Video: Mixed Methods – Exploring the Role of Emotions in Urban Behavior

Categories: Instruction, SAGE Posts, Tools and Resources, Video


Panos Mavros is interested in the intersection of human beings and urban spaces. A PhD researcher at University College, London’s Centre for Advanced Spatial Analysis, he originally studied architecture, which is another way of exploring of the nexus of people and the built environment. But as he continued his studies, what part of the nexus he was most focused on changed.

“[A]s an architect,” he explains in a video segment accessible below, “you learn to design spaces of all kinds– buildings, urban design, urban spaces. Progressively, through my studies and then my postgraduate studies, I was much more interested to understand how people perceive, let’s say, our designs .What’s the perception, what’s the feeling space is creating? So my research is trying to understand how a pedestrian or a set of pedestrians experience the city and how the environment affects them psychologically, cognitively, and in other ways.”

Some of the methods he uses include electroencephalography and GPS tracking, which he uses to determine how pedestrians react to different places, as well as how their memory of a place relates to their in-the-moment experience. That in turn leads to a fair bit qualitative inquiry for a mixed methods approach.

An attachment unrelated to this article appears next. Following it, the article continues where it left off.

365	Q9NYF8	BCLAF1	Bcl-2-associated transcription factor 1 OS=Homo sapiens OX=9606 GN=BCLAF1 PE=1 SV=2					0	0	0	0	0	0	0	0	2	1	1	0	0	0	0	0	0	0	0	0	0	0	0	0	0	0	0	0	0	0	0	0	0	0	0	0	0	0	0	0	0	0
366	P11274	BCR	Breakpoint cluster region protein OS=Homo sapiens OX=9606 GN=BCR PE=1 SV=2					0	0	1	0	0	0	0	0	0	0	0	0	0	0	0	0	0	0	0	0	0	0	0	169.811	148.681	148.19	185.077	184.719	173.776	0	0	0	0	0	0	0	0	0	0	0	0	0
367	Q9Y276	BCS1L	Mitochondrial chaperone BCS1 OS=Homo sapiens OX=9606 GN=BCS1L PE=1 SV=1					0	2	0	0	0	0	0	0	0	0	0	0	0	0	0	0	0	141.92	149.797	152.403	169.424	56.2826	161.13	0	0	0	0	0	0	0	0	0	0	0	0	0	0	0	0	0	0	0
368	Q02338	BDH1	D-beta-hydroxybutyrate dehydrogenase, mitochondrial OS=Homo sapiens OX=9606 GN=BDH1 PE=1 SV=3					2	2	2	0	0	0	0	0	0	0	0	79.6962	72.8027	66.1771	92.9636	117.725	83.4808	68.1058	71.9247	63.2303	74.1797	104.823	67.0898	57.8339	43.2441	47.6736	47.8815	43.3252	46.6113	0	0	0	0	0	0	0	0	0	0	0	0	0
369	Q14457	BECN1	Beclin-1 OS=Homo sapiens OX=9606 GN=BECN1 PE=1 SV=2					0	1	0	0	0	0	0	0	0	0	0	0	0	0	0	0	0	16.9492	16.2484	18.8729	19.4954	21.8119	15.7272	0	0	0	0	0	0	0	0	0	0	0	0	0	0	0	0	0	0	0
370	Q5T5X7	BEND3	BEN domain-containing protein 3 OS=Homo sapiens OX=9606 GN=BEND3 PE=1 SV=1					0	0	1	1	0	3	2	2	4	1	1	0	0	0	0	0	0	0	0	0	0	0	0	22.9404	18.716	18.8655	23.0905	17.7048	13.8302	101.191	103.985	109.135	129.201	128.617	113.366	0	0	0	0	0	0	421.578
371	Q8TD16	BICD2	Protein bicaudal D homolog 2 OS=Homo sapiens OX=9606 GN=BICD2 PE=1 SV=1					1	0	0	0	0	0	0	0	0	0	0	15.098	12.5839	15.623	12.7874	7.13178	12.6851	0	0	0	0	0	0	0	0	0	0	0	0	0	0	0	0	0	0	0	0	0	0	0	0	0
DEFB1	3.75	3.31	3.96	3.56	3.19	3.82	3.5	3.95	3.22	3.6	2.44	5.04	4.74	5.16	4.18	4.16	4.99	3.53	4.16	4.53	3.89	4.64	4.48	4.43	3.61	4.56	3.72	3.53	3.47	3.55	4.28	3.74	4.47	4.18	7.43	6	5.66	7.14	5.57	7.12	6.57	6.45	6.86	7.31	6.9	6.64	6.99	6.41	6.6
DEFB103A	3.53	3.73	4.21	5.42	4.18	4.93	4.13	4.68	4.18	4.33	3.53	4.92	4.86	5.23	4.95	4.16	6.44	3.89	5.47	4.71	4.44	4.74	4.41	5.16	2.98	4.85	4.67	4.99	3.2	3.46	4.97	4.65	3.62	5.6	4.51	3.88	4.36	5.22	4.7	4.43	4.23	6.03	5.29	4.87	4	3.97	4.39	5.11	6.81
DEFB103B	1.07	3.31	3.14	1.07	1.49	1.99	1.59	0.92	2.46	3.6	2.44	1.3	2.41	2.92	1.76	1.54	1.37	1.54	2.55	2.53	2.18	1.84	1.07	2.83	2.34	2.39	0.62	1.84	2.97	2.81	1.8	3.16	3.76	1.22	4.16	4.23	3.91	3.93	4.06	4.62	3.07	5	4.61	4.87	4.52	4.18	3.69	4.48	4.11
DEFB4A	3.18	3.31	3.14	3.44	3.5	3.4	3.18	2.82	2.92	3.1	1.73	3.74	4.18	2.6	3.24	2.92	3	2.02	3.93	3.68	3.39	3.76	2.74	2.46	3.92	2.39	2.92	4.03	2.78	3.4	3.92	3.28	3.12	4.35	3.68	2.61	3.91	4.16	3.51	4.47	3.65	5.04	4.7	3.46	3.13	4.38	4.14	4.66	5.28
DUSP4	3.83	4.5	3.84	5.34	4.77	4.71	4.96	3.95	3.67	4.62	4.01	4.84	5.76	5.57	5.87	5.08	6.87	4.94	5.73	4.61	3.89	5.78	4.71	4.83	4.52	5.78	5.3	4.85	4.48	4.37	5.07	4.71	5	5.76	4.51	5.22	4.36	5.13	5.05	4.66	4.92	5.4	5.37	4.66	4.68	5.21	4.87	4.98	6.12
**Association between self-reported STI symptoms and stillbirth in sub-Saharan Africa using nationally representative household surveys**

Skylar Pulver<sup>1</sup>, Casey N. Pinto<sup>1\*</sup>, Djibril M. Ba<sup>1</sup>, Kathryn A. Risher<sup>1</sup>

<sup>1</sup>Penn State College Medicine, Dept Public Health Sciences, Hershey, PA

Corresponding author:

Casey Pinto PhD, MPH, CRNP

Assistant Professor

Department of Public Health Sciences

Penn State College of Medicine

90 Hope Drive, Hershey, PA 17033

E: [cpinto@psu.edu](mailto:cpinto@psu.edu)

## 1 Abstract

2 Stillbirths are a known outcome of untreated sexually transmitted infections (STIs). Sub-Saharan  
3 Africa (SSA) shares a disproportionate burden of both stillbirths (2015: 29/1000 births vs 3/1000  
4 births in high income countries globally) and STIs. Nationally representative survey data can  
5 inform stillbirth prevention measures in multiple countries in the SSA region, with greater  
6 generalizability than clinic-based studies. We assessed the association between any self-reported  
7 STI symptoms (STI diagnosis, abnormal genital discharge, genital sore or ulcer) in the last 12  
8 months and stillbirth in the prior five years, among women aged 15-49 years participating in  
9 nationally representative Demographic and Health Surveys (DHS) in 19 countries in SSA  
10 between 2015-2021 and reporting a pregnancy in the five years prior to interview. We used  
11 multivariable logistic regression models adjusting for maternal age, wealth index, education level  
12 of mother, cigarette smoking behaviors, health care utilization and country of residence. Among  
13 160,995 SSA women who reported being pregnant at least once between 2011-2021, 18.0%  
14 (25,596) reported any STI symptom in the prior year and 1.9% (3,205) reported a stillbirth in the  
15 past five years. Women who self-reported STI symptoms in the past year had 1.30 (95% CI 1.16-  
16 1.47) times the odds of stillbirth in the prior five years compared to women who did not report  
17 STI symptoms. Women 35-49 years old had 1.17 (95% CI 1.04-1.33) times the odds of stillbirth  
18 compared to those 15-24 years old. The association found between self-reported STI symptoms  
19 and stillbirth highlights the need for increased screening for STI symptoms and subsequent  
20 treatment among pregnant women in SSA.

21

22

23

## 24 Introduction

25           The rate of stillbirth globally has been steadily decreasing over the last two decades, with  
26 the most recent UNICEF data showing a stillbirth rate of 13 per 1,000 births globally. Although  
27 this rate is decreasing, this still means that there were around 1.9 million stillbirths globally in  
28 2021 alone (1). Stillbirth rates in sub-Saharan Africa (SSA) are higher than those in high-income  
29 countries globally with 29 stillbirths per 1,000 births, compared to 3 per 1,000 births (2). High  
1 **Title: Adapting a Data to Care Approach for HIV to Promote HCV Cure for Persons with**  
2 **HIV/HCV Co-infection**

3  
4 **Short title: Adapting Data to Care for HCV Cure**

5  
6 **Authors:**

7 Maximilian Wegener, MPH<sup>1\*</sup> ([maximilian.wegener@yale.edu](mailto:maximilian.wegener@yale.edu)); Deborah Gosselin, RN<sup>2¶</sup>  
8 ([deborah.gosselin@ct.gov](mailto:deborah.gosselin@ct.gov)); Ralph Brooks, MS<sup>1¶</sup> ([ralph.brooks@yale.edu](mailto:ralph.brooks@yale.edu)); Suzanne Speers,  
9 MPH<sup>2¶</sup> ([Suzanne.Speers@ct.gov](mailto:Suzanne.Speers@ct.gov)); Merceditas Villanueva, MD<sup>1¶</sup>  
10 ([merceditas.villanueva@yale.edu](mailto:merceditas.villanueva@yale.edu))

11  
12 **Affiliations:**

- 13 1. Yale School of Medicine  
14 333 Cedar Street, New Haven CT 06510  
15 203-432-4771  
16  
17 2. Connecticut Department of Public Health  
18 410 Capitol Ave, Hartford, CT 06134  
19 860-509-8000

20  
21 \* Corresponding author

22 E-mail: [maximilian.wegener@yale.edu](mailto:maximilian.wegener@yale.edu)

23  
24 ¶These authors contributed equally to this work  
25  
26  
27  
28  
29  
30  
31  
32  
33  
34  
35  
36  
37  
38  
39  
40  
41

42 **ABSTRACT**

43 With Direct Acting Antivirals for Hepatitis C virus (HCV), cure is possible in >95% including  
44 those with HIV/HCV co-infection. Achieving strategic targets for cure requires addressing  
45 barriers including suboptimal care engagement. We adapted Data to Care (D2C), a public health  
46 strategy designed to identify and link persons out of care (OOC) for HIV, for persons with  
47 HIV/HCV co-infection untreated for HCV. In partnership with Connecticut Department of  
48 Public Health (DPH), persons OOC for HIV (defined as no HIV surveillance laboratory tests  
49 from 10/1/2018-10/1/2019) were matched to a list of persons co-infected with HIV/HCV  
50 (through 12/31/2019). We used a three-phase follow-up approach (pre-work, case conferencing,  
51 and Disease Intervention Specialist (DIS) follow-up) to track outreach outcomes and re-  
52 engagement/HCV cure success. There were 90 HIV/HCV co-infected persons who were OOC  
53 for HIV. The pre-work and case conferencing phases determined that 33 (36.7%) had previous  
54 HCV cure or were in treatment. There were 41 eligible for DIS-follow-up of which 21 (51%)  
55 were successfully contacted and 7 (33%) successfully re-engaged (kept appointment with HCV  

“So we can use each method to validate the other,” Mavros explains. “So we can say, for example, that people’s self-reported data–what they remember or what they made of an experience or a situation or a place– is in lineor is not in line with the continuous data of their emotional arousal, excitement, attention, and so on.”

The video –which you can watch for free by clicking here — is part of SAGE Research Methods Video . It’s an extensive collection, with almost 500 titles and more than 125 hours of total video.

SAGE Video offerings are close captioned but also include a searchable transcript that’s clickable to that point in the video, so when Mavros shows some of the EEG findings, you can go directly there in the video by clicking on the text. They also include citation information and the ability to make your own clips from the longer video. You can share via e-mail or social media, save to a playlist, and speed up of slow down play.


Panos Mavros attaches an EEG cap to one of his urban experience research participants.

To view this particular video, for free, click here.

For more about SAGE Video Research Methods Videoclick here.

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